• Density & Parking
    Density and apartment size...what happens if Students do not show up to rent all of these small studio apartments...perhaps it would make a great WORK RELEASE CENTER!
    Not enough parking....no public parking (or very little) for visitors to the Canal
  • Tower
    This is not a tower, I wish it was I really do.
  • UGLY
    What is it with Indianapolis and ugly architecture and its insanely suburban mindset? This looks like something pulled straight from the 1960s Soviet Union.
  • Tower?
    Can we please get away from calling every building over 2 stories a "tower"? A 10 story building is hardly a tower. Mid-rise at most. Multiple stories does not constitute a "tower"
  • Ughh
    This development is weak at best. To tall, these statements came from downtown residents? Come on Indianapolis, people should be critiquing the architecture not the size of the project.
  • Nice commie block
    What can I say, another stink bomb. Why can't this city get it right on design?
  • Better
    Both schemes feel clumsy and lack elegance. Neither engages the canal on on any pedestrian level which is exciting (which is a shortcoming of every canal development to date). Rather they are dropped on the canal with overscaled massive brick walls. I preferred the density of the larger tower, but it too was a massive heavy repetitive wall which felt like mediocre dormitory construction of the 1960's. What else has this developer built? I can't even find a website with their project portfolio. Better architecture is needed for this site.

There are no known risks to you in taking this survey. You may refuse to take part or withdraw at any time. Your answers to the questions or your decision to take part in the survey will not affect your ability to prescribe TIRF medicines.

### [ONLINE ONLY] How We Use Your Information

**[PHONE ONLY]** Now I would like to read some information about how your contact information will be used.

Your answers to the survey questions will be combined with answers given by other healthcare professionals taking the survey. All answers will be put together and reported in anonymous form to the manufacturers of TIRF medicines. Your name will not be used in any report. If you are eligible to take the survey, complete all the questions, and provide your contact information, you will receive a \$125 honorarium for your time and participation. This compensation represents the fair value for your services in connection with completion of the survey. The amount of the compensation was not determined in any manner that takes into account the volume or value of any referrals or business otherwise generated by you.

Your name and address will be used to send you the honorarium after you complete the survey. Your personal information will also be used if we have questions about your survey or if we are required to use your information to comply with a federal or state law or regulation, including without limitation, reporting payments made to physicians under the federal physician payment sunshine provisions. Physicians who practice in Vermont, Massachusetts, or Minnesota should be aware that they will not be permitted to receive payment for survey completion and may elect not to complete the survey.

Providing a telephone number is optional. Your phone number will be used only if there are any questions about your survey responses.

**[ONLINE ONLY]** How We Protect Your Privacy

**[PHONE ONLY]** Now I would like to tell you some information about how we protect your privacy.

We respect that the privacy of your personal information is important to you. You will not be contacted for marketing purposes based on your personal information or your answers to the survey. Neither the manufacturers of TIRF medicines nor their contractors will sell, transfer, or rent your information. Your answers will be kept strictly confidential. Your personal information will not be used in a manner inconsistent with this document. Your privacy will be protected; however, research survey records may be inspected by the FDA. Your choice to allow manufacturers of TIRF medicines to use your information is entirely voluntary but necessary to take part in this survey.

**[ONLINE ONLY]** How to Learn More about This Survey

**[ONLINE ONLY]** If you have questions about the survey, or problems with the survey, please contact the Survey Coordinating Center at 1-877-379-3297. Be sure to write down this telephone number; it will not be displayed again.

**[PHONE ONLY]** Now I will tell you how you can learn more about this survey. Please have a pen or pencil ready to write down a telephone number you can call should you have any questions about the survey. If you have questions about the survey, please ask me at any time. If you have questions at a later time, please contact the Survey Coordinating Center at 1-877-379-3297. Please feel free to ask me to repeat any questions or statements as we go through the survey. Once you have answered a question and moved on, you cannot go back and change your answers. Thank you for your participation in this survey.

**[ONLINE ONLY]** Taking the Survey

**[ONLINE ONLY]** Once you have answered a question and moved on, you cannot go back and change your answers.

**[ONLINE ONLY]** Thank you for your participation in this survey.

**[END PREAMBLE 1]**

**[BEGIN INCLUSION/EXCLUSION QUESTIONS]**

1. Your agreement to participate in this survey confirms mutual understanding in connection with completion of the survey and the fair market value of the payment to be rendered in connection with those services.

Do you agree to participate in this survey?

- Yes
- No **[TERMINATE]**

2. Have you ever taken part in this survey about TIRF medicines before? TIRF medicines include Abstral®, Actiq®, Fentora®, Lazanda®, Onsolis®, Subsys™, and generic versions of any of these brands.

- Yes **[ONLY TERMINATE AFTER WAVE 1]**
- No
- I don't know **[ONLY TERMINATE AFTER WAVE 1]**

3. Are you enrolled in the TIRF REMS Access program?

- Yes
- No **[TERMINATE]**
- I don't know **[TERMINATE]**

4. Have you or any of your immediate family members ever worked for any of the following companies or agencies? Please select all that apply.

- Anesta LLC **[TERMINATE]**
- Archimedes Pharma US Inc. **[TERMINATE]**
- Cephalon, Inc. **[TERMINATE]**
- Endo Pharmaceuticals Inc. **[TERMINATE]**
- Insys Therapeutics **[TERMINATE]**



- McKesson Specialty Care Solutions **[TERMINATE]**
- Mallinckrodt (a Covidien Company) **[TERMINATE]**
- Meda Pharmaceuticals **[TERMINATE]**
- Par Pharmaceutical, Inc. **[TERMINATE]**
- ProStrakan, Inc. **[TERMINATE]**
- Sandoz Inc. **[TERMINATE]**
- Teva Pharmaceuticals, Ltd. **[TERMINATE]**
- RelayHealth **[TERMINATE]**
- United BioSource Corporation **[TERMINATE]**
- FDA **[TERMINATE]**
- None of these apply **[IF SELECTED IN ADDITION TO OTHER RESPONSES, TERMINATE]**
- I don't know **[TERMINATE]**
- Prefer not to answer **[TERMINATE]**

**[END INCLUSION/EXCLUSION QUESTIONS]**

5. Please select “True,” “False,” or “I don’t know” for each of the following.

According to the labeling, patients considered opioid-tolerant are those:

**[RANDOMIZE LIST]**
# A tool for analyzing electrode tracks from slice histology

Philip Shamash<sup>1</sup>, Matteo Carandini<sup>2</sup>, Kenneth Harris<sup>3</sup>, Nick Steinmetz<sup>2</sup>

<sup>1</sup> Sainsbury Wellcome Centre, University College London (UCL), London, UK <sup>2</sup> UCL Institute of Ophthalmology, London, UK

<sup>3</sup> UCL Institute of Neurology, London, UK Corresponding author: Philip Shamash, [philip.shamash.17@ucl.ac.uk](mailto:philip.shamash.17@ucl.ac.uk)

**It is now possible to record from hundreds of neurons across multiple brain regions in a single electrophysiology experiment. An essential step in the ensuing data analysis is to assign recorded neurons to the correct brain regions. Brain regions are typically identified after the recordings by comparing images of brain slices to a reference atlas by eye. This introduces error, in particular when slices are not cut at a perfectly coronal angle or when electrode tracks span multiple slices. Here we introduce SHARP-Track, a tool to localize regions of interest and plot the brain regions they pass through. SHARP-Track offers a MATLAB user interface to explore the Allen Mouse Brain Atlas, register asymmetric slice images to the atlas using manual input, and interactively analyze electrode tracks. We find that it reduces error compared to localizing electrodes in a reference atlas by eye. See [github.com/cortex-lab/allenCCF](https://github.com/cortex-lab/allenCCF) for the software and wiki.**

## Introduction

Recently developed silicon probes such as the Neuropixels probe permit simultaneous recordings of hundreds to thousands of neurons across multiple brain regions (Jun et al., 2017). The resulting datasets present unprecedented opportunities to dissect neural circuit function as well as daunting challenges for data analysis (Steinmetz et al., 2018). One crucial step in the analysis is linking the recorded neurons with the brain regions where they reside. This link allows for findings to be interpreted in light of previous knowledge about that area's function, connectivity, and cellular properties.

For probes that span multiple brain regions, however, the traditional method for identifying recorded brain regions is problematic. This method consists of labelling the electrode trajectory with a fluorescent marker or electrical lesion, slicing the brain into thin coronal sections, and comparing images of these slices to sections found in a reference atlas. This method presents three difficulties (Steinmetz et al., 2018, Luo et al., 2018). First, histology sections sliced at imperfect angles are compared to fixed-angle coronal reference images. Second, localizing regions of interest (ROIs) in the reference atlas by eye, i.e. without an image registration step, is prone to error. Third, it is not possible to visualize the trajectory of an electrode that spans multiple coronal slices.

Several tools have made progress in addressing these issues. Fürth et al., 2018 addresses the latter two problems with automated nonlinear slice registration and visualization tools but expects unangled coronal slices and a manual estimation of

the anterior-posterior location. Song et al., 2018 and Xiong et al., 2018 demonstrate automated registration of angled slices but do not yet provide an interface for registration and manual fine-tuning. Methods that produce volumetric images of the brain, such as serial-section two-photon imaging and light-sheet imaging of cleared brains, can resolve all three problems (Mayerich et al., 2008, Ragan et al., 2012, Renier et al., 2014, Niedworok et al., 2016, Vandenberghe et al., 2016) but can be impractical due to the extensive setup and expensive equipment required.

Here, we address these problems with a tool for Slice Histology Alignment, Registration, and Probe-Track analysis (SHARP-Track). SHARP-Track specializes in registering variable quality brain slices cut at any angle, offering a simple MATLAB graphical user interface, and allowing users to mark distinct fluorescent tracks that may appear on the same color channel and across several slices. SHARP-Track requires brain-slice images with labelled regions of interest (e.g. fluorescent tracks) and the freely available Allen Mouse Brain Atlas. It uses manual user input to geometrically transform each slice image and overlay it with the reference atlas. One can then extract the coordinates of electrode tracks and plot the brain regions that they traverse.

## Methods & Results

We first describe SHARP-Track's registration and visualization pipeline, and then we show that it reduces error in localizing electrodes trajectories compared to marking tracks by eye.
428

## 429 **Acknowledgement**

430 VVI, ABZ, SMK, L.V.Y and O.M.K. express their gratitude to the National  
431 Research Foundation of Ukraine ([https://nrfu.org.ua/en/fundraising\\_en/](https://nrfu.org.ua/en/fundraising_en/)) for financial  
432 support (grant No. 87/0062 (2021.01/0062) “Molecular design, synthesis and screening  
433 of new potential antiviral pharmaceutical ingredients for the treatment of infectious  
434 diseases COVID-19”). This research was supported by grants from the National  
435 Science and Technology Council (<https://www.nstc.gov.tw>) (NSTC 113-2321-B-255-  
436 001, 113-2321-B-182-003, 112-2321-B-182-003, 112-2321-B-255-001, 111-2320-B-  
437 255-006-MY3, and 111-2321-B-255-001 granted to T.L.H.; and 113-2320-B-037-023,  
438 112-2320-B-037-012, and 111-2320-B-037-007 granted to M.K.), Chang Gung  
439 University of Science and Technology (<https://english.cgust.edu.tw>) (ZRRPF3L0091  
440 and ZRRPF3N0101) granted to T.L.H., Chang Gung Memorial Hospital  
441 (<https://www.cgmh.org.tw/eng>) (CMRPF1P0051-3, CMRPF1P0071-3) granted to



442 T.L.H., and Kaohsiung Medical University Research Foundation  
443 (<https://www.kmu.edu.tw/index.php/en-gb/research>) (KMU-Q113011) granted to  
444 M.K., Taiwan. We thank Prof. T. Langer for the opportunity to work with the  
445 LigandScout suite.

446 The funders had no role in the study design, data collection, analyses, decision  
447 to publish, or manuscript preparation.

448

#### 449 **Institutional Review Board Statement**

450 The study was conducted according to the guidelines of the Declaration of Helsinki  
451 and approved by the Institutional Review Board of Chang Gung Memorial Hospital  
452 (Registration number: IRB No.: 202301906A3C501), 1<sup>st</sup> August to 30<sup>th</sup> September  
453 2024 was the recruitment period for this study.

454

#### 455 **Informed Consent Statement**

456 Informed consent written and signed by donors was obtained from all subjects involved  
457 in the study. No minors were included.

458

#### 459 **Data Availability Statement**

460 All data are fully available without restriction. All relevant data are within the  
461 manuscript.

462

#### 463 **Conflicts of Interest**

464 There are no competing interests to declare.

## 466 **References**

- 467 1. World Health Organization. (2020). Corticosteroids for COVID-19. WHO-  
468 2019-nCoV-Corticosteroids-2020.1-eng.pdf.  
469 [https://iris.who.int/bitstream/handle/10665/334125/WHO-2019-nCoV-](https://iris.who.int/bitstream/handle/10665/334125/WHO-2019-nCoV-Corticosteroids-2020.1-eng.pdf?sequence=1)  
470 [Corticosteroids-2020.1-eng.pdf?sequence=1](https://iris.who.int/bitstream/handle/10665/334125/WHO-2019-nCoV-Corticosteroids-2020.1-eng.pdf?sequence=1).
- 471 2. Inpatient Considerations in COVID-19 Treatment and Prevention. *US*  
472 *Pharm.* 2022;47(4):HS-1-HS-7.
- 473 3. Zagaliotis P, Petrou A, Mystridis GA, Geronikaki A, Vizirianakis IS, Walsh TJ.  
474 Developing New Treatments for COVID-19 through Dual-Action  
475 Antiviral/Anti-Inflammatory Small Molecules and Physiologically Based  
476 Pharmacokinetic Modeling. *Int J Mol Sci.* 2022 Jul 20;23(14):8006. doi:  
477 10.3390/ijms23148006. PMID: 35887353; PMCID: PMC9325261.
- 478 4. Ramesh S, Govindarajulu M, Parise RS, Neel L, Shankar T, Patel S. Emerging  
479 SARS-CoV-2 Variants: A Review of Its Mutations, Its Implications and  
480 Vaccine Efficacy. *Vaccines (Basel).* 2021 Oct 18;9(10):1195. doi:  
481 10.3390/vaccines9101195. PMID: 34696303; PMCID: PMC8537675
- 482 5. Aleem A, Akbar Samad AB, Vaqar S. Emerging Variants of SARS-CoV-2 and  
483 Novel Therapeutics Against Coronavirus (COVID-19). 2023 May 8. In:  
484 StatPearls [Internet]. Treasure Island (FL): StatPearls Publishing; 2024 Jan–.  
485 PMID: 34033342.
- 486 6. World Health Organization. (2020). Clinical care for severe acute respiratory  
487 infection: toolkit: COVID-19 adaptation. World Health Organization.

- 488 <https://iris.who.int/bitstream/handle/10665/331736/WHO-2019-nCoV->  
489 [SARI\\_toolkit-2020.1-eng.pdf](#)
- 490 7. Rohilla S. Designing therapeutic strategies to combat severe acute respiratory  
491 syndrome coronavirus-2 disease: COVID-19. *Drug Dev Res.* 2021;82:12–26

• Copy Cat ?
    And another thing, did Ratio design the new Georgia Street entrance to the Convention Center? The cantilevered roof over the class wall box looks like they may have. Done that been there before.
  • Little rows of boxes
    Please no more rows of A/C units lined up on the up on roof and in plain sight. SCREEN THEM ! Look at the ugly sight line on the new apartment buildings going up on 16th Street between Delaware and College. Hope Trail Side on Mass Ave. does not have the same ugly concept,there it will be in sight of 65/70. Apply this rule Metropolitan Development: WHAT WOULD CARMEL DO?
  • Ignorant
    Indianapolis needs development, If you don't like the though of urban environment then move out. Does that make sense? Huge loss, what do you think attracts people? Not a boring architecture.
  • Upset
    The project is obviously positive for the residential situation, however I am no longer impressed with the project. Honestly the development along the canal is extremely dull. I guess a 10 story brick structure will make the current canal residents happy, I am shamed to know people in Indianapolis want to see downsized projects to this extent. It’s a shame to loose out on a opportunity to develop a unique structure. I still believe this is a gain for Indianapolis. Suburban infrastructure belongs on the outskirts of the city, along with the suburban mindset!!! As a college student myself, I know this is not the urban living I am looking for, should I look elsewhere?
  • unfortunate.....
    It is unfortunate that the desire of a few suburban minded folks ruined plans for a more urban building in terms of height and density. It is downtown, downtown has tall buildings and people....if you don't like that, move to a subrub.
  • 2800 s.f. of Retail
    Are you sure that's correct, only 2800 s.f. of retail? Isn't one of the problems with the canal the lack of retail activity? Also, there doesn't seem to be enough parking in this project.
  • Facade change?
    I'm glad to see they've scaled the size of the tower back to a more reasonable size for the neighborhood. However, it still doesn't address what seemed to be the biggest complaint and that was the facade and overall architectural design (or lack thereof) of the project. Hopefully ratio actually designed an attractive tower this time as opposed to the Soviet-era mess that was originally proposed.